Another four decades passed before America returned, in a modified fashion, to more open immigration policies. Historians believe a major consequence of the 1924 immigration law is the 6 million Jews who ended up perishing in the Holocaust had nowhere to escape to once America, an historic place of refuge, had closed its doors. Many of those lives could have been saved. “But as the historian Mae Ngai has pointed out, most liberals who fought for the 1965 Immigration Act no longer questioned the idea of immigration restriction itself; they merely changed the way the restriction work,” writes Lepore. “They treated the idea of immigration restriction as if it were a timeless American tradition, when in fact, like the national origins regime itself, it was only 40 years old.”

Lepore observes that people often confuse nationalism with patriotism. “There’s nothing wrong and all kinds of things right with loving the place where you live and the people you live with and wanting that place and those people to thrive,” writes Lepore. “But by the early decades of the 20th century, with the rise of fascism in Europe, nationalism had come to mean something different from patriotism, something fierce, something violent: less a love for your own country than a hatred of other countries and their people and the hatred of people within your own country who don’t belong to an ethnic, racial or religious majority.”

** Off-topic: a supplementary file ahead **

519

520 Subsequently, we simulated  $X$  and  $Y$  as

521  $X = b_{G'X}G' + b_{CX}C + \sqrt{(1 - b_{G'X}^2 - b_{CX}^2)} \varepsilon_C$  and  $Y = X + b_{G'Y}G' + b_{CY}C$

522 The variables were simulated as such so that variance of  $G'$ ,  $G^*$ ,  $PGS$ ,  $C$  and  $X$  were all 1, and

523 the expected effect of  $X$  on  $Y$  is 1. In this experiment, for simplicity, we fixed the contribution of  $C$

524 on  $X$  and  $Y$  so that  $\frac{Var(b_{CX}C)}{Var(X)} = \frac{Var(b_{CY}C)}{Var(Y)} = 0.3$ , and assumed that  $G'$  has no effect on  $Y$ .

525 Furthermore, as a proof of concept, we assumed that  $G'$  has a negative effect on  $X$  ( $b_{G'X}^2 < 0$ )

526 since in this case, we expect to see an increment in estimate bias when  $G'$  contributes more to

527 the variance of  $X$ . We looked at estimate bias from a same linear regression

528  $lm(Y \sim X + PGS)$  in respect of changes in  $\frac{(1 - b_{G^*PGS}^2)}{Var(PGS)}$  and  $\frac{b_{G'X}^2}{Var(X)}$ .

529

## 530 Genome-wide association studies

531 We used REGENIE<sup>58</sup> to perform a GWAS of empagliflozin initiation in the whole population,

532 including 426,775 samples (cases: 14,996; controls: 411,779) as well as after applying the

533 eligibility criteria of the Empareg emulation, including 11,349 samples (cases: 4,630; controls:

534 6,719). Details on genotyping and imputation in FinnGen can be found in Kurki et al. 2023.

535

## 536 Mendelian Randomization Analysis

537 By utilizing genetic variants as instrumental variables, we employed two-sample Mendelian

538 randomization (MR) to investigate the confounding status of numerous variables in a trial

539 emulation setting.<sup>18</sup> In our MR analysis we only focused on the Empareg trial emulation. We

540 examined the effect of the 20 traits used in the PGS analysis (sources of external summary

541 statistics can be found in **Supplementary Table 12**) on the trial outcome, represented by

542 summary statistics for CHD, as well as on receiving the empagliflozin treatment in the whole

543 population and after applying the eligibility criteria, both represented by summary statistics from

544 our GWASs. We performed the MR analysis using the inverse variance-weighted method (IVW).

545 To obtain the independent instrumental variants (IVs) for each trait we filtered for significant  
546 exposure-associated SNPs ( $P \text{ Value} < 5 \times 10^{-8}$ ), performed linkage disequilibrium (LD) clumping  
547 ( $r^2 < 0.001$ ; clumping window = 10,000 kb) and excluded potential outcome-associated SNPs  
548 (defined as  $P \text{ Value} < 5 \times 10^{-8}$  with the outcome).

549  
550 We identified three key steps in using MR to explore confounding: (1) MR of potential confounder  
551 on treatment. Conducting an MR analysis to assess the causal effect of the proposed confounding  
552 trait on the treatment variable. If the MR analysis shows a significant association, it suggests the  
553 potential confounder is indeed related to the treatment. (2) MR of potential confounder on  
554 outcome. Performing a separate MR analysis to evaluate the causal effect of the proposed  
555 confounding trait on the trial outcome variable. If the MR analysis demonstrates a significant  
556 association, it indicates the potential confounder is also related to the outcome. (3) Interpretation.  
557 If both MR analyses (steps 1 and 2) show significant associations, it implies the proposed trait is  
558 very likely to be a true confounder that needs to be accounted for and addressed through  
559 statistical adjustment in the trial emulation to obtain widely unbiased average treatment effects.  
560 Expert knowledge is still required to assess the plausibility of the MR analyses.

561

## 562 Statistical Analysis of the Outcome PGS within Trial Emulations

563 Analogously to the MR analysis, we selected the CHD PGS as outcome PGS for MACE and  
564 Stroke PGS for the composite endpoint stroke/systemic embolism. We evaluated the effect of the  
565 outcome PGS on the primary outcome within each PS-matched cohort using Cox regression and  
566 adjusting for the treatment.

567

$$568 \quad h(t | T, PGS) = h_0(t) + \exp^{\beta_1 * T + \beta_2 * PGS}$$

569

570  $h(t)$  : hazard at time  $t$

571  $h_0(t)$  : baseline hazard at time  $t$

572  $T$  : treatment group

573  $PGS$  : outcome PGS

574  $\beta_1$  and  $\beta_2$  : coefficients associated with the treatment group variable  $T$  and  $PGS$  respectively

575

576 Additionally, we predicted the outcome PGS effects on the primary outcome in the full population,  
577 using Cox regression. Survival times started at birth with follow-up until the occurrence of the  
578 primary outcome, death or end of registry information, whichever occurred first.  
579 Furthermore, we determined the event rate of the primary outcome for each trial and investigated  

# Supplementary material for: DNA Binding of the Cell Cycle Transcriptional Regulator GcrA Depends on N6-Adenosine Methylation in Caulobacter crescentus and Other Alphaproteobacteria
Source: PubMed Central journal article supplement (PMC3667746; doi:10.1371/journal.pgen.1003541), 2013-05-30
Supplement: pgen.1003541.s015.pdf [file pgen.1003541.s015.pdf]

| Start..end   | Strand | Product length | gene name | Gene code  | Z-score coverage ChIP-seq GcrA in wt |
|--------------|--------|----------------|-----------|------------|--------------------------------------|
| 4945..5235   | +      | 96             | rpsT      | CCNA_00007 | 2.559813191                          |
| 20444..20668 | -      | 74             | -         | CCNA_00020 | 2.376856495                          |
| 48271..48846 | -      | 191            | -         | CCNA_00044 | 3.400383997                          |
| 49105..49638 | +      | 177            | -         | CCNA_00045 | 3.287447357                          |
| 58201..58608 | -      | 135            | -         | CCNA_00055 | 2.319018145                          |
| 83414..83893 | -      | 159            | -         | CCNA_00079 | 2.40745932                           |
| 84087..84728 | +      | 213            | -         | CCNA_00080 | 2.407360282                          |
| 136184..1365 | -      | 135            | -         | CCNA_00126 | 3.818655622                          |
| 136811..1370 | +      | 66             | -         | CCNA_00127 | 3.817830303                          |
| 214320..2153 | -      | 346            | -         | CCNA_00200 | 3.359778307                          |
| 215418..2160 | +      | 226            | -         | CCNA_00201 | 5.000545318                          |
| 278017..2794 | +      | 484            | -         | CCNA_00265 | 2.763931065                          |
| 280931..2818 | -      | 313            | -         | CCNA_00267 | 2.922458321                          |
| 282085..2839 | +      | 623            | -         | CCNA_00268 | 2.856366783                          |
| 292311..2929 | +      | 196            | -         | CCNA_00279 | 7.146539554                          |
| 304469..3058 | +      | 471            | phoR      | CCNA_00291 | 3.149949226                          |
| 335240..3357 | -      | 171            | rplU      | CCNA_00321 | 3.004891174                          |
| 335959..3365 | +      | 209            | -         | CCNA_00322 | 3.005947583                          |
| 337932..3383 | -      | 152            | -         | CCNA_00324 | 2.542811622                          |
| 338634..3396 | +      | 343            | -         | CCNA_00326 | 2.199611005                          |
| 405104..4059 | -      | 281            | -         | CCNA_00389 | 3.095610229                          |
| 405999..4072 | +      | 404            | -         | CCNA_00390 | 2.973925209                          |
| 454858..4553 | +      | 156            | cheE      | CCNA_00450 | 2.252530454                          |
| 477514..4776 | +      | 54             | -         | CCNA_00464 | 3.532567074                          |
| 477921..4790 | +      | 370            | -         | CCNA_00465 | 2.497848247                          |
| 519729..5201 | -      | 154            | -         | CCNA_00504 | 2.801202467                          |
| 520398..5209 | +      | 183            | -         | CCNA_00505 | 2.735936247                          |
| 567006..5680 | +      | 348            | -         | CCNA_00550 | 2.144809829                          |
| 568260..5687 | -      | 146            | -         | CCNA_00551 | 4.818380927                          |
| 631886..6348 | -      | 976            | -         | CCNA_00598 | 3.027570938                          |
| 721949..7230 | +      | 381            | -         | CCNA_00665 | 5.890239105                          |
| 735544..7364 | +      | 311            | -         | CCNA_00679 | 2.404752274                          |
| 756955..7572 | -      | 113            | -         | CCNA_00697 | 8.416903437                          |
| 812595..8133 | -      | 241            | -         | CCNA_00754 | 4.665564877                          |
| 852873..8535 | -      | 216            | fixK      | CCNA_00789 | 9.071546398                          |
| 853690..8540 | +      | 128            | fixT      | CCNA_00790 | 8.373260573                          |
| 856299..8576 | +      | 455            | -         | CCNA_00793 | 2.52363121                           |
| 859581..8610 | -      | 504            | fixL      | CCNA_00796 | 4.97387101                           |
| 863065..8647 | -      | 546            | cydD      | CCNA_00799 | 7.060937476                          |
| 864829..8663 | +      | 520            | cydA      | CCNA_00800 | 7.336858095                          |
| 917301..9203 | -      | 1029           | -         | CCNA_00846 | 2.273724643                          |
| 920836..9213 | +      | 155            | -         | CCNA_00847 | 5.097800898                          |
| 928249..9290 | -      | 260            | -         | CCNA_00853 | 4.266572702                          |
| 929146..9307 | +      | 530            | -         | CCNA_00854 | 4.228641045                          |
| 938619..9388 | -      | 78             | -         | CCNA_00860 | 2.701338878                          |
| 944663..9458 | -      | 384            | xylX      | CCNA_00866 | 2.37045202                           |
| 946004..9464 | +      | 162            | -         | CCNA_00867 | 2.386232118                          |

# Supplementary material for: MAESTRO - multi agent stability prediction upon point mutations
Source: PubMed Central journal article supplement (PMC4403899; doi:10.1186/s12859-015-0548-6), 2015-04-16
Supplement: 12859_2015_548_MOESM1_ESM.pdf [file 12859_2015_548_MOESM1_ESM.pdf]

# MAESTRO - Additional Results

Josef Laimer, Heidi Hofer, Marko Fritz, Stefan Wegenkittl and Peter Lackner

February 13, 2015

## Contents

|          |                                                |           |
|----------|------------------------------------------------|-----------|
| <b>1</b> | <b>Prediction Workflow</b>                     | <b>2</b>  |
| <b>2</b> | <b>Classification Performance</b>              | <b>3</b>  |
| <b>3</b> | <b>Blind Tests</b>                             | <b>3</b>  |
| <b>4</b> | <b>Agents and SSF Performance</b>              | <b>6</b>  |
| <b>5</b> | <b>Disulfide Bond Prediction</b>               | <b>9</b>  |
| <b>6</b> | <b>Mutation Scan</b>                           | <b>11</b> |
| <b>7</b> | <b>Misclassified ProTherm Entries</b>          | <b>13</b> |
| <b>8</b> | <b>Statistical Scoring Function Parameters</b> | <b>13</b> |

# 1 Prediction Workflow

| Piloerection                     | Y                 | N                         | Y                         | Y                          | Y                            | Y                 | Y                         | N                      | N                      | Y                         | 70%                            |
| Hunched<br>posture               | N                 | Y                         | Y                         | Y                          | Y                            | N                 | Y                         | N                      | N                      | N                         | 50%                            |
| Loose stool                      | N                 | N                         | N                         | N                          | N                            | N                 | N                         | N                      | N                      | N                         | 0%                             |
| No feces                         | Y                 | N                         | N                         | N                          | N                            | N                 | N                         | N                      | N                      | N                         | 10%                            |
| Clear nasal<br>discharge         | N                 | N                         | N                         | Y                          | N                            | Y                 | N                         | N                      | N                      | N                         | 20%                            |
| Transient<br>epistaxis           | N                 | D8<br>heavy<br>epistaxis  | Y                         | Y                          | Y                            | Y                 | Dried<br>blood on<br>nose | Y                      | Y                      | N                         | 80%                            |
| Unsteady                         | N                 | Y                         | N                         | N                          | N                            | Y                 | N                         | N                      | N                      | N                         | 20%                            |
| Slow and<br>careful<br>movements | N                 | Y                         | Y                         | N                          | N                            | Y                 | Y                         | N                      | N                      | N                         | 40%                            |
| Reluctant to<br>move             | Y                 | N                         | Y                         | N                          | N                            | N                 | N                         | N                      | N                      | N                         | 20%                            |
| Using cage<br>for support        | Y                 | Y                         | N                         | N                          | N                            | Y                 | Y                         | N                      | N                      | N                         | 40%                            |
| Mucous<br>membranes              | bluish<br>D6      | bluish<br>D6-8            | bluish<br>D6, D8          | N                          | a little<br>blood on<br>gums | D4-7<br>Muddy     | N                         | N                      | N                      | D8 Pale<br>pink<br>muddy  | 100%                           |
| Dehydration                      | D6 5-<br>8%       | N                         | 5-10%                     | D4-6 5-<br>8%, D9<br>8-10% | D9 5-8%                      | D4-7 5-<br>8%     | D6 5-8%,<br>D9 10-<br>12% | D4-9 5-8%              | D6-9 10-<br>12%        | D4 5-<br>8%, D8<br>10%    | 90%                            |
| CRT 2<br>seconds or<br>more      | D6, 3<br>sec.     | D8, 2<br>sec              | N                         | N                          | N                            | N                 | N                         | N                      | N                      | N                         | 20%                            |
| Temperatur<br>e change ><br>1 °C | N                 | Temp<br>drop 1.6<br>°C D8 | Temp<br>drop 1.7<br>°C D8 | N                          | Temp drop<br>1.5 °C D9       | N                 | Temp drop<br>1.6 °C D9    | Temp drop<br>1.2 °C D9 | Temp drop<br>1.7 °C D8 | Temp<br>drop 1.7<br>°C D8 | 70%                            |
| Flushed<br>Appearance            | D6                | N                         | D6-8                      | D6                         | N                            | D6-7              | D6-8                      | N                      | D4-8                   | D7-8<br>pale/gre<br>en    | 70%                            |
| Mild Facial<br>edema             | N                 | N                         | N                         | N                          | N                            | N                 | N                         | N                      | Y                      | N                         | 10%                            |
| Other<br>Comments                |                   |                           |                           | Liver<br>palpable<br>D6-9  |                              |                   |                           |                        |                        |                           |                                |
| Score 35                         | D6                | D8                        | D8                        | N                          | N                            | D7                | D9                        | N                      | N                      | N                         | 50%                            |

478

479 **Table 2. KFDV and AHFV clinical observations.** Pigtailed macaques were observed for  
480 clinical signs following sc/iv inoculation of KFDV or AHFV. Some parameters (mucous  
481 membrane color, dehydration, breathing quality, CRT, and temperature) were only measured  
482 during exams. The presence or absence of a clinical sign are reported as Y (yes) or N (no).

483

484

And here is the connection between nationalism and immigration, explains Jill Lepore: “Immigration policy is a topic for political debate; reasonable people disagree. But hating immigrants, as if they were lesser humans, is a form of nationalism that has nothing to do with patriotism.”

In the minds of Thomas Jefferson, George Washington and Ronald Reagan that people from other countries wanted to immigrate to America – and that our country welcomed them – was a source of pride and patriotism that defined the nation.

 

This article was written by Stuart Anderson from Forbes and was legally licensed through the NewsCred publisher network. Please direct all licensing questions to legal@newscred.com.